30 July 2021
Dr Gary Foley is a founder of the Aboriginal Legal Service. To mark our 50th anniversary, we asked him to share his recollections of the racial justice movement in the 1970s and how the ALS began.
Below is Part 3 of his essay, White Police and Black Power: The Origins of the Aboriginal Legal Service.
⫷Missed parts 1 and 2? Start at the beginning.
Generations of resistance in 'south-east Australia'
One of the most important elements of a better understanding of history is context.
To better understand the influences and inspirations for the 1970s Australian Black Power Movement, one needs to understand the context of their times, as well as being aware of the historical circumstances from whence most of them came.
As the Aboriginal peoples in regional areas of south-eastern Australia experienced the spread of the white invasion and forcible occupation of their homelands, there can be said to have been significant resistance, both passive and active.
Heather Goodall notes that in NSW from the beginning of black/white contact,
Land was seen by its Aboriginal owners as a central factor in their experience of colonialism. Their sense of invasion, of loss and deprivation of land was expressed clearly and unarguably.
The emergence of Aboriginal organisations: the AAPA, AAL and APA
Land continued to be at the heart of Aboriginal concerns and protest over many decades, and many disputes were conducted at a very localised level. However by the 1920s a self-educated former Aboriginal drover, Fred Maynard, had set up the Australian Aboriginal Progress Association (AAPA).
Maynard had been active in the Waterside Worker's Federation during the first World War and later a member of the Sydney chapter of Marcus Garvey’s Universal Negro Improvement Association (UNIA). The AAPA, officially launched in February 1925, was not only the first Aboriginal political organisation of the modern era, but also said to be the first to create formal links between communities over a wide area.
Fred Maynard: one of the earliest Aboriginal activists. Image source unknown
An equally important aspect of the AAPA is the role it played in planting political seeds that flowered in future generations of Indigenous political leaders in south-eastern Australia.
And through the AAPA’s adoption and adaption of the ideas of Marcus Garvey, it became the first time Aboriginal political activists in the modern era had engaged with international ideas of black consciousness and black nationalism.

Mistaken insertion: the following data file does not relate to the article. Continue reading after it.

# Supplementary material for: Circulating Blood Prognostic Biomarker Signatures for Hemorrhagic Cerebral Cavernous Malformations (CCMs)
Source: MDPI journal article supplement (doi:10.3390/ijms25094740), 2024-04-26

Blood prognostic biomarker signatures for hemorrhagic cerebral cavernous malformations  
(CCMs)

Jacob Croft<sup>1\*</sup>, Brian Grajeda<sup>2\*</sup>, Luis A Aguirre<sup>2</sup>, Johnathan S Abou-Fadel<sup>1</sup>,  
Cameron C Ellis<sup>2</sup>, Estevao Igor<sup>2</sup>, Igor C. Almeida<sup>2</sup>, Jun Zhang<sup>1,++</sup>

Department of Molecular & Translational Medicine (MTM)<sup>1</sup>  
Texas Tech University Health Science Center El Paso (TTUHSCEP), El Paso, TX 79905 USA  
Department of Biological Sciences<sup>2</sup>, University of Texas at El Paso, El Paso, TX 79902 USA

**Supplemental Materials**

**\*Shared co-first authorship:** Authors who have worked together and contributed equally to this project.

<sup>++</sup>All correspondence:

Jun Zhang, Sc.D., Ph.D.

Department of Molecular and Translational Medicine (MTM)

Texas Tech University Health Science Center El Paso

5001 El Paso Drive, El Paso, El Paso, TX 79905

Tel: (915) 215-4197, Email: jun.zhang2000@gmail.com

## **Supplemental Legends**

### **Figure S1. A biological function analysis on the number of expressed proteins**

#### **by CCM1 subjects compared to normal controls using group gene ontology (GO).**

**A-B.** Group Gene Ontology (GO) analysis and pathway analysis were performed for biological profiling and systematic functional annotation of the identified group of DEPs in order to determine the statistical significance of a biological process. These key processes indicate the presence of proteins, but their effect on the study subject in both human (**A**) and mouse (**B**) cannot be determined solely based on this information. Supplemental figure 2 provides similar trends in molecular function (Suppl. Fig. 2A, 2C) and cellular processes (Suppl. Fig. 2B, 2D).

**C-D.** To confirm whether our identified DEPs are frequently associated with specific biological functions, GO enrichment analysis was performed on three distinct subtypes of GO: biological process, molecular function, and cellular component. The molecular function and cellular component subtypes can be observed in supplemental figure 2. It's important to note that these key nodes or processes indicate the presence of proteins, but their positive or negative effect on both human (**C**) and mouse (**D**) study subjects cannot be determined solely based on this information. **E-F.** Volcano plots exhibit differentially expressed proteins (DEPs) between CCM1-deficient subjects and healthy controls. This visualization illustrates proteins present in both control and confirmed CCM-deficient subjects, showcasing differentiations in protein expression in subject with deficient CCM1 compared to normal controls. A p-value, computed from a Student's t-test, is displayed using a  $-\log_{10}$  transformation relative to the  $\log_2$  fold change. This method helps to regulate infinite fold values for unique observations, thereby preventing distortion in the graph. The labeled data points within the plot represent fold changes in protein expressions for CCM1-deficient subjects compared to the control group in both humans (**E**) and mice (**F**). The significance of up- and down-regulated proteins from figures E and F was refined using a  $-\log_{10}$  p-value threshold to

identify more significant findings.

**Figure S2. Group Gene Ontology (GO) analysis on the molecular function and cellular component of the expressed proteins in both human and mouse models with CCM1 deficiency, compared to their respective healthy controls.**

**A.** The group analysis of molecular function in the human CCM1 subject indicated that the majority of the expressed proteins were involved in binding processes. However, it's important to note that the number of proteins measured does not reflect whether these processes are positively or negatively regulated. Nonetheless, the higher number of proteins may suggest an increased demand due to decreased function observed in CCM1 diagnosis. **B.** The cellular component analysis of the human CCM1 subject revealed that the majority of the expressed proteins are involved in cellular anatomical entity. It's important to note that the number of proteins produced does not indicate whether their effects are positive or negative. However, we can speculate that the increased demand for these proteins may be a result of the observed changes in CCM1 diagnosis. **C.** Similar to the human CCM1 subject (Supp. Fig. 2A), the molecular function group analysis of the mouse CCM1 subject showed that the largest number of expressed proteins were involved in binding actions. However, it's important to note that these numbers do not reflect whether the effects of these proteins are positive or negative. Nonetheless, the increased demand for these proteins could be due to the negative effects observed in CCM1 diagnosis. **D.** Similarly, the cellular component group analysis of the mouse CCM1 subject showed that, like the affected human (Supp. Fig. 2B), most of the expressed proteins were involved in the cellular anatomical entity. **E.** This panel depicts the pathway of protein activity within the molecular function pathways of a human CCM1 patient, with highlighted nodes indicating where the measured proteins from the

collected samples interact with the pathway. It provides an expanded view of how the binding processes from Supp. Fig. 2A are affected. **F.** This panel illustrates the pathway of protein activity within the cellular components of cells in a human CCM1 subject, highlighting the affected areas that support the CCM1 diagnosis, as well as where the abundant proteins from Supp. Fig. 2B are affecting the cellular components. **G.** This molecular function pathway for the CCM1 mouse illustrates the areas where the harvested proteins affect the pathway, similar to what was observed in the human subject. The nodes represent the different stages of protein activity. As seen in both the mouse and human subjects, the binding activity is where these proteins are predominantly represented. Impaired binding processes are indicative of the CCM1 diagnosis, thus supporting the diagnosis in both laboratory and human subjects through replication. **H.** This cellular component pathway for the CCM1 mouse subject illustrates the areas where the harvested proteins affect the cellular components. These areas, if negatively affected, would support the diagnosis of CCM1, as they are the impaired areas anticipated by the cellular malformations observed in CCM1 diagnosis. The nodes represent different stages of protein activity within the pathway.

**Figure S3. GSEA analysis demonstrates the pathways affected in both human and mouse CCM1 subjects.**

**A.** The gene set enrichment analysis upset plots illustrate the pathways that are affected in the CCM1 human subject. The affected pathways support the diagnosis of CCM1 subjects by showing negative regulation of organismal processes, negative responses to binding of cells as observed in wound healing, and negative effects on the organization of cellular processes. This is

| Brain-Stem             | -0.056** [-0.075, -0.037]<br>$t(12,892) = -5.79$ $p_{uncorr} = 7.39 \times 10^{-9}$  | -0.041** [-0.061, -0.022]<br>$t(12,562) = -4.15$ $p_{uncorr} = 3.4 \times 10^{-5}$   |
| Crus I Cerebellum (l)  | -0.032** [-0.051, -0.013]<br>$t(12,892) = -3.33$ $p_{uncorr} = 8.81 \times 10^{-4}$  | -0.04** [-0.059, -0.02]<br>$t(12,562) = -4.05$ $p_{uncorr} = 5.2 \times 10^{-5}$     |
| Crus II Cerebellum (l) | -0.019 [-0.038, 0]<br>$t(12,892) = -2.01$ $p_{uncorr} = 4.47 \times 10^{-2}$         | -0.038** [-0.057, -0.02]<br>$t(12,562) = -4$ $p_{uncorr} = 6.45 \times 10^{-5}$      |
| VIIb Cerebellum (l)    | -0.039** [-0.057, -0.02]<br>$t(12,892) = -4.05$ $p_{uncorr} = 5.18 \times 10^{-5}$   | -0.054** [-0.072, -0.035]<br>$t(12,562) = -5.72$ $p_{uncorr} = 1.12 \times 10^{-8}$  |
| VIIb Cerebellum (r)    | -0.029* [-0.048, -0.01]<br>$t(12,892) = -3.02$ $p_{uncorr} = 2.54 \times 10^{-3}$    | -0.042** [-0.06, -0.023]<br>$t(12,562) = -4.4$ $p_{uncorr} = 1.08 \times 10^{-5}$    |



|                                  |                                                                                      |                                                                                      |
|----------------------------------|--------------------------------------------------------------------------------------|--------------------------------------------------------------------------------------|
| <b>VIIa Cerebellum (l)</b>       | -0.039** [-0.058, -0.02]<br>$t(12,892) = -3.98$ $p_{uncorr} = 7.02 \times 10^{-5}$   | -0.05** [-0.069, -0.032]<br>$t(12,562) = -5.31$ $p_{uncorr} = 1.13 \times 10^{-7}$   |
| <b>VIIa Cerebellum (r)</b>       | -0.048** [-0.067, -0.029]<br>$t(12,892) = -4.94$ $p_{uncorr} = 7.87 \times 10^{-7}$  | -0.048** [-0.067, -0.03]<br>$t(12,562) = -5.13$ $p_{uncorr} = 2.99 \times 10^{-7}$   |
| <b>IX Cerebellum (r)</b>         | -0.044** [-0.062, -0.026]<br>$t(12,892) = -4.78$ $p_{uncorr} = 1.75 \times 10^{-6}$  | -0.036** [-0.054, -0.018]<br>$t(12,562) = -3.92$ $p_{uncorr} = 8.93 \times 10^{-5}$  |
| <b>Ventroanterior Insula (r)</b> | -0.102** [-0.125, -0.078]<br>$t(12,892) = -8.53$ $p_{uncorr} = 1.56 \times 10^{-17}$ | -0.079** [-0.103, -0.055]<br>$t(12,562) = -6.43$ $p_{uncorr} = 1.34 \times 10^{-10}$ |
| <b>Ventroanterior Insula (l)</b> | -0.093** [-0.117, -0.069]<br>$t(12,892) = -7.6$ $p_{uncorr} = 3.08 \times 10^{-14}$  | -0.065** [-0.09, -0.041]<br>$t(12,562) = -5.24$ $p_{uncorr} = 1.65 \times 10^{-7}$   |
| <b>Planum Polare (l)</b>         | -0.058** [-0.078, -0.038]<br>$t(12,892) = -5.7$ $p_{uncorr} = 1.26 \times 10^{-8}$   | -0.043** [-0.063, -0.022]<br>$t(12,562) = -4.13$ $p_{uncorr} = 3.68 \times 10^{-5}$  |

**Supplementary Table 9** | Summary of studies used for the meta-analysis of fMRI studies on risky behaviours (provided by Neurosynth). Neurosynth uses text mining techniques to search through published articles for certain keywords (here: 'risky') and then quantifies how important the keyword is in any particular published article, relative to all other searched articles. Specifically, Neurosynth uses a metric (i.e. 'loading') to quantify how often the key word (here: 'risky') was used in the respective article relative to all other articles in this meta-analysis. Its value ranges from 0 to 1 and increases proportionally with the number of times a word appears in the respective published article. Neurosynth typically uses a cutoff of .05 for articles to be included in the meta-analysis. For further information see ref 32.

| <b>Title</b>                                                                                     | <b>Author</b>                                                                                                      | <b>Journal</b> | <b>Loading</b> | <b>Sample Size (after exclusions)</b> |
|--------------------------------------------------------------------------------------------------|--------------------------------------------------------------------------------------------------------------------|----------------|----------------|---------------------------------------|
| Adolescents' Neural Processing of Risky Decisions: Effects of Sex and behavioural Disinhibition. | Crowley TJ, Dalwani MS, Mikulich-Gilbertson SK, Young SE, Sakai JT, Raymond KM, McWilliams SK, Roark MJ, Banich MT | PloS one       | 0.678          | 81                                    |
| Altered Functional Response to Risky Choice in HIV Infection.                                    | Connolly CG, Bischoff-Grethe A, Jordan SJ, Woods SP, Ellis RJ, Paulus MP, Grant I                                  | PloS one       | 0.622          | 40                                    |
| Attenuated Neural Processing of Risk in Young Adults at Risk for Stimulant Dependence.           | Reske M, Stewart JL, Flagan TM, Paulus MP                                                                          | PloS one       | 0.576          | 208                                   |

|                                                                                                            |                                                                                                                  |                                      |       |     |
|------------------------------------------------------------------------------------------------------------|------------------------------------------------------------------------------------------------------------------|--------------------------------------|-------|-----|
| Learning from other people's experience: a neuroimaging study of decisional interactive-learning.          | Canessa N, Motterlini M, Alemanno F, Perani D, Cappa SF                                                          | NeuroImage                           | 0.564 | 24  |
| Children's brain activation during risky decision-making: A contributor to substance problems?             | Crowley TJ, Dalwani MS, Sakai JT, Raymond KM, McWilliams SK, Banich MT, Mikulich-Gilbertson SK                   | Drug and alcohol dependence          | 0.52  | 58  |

The AAPA eventually grew to have 11 branches (mainly in northern NSW) and more than 500 members. An indication of just how successful the AAPA was in its political organising and agitation was the fact that the NSW authorities (the police and the NSW Aboriginal Protection Board) made concerted and ultimately successful moves to have the organisation suppressed by 1927.
In the 1930s two new significant Aboriginal political organisations emerged.
The first in early 1936 was the Australian Aborigines League (AAL), established by William Cooper, Doug Nichols, Bill and Eric Onus, and others in Melbourne. Membership was open to all Aboriginal people and the aims of the group were "to gain for Aboriginal people those civil and human rights denied since occupation".
This was a significant attempt by Victorian Aboriginal political activists to try and assert control over their own destiny.
Tom Foster, Jack Kinchela, Douglas Nicholls, William Cooper and John Patten discuss a resolution at an Aborigines Progressive Association (APA) meeting, 1938. Image source: AIATSIS
In NSW a year later, Bill Ferguson and Jack Patten founded the Aborigines Progressive Association (APA) in Dubbo.
Bill Ferguson was an ex-shearer who had been a trade unionist with the Australian Workers Union (AWU) and would run the western NSW branch of APA. Jack Patten had been born on Cummergunja Reserve on the NSW/Victorian border and had during the 1930s honed his skills as an orator on the Sydney Domain alongside another great activist of that era, Pearl Gibbs.
Patten would head up the north-eastern branch of APA and in 1938 would publish the first black political newspaper, The Abo Call. Jack Patten’s son Cec was an important figure in the ALS during the 1970s and 80s, thus providing a historic as well as familial link between the generations of activism.
Image source: State Library of NSW
The 1937 Cummeragunja Walk-Off and 1938 Day of Mourning
In 1938 on the occasion of the sesquicentenary of the first fleet, the AAL and the APA joined forces to hold a protest meeting.
William Cooper from the AAL declared that the 26th January was a “Day of Mourning” and the meeting which was held in Elizabeth Street was attended by such Aboriginal political luminaries as Pastor Doug Nicholls, Pearl Gibbs, Bill Onus, Marge Tucker, as well as Patten and Ferguson.
This event was the first major Aboriginal protest of the 20th century that received extensive reportage in both local and overseas media. The protest, inspired by Cooper, was described by Heather Goodall as a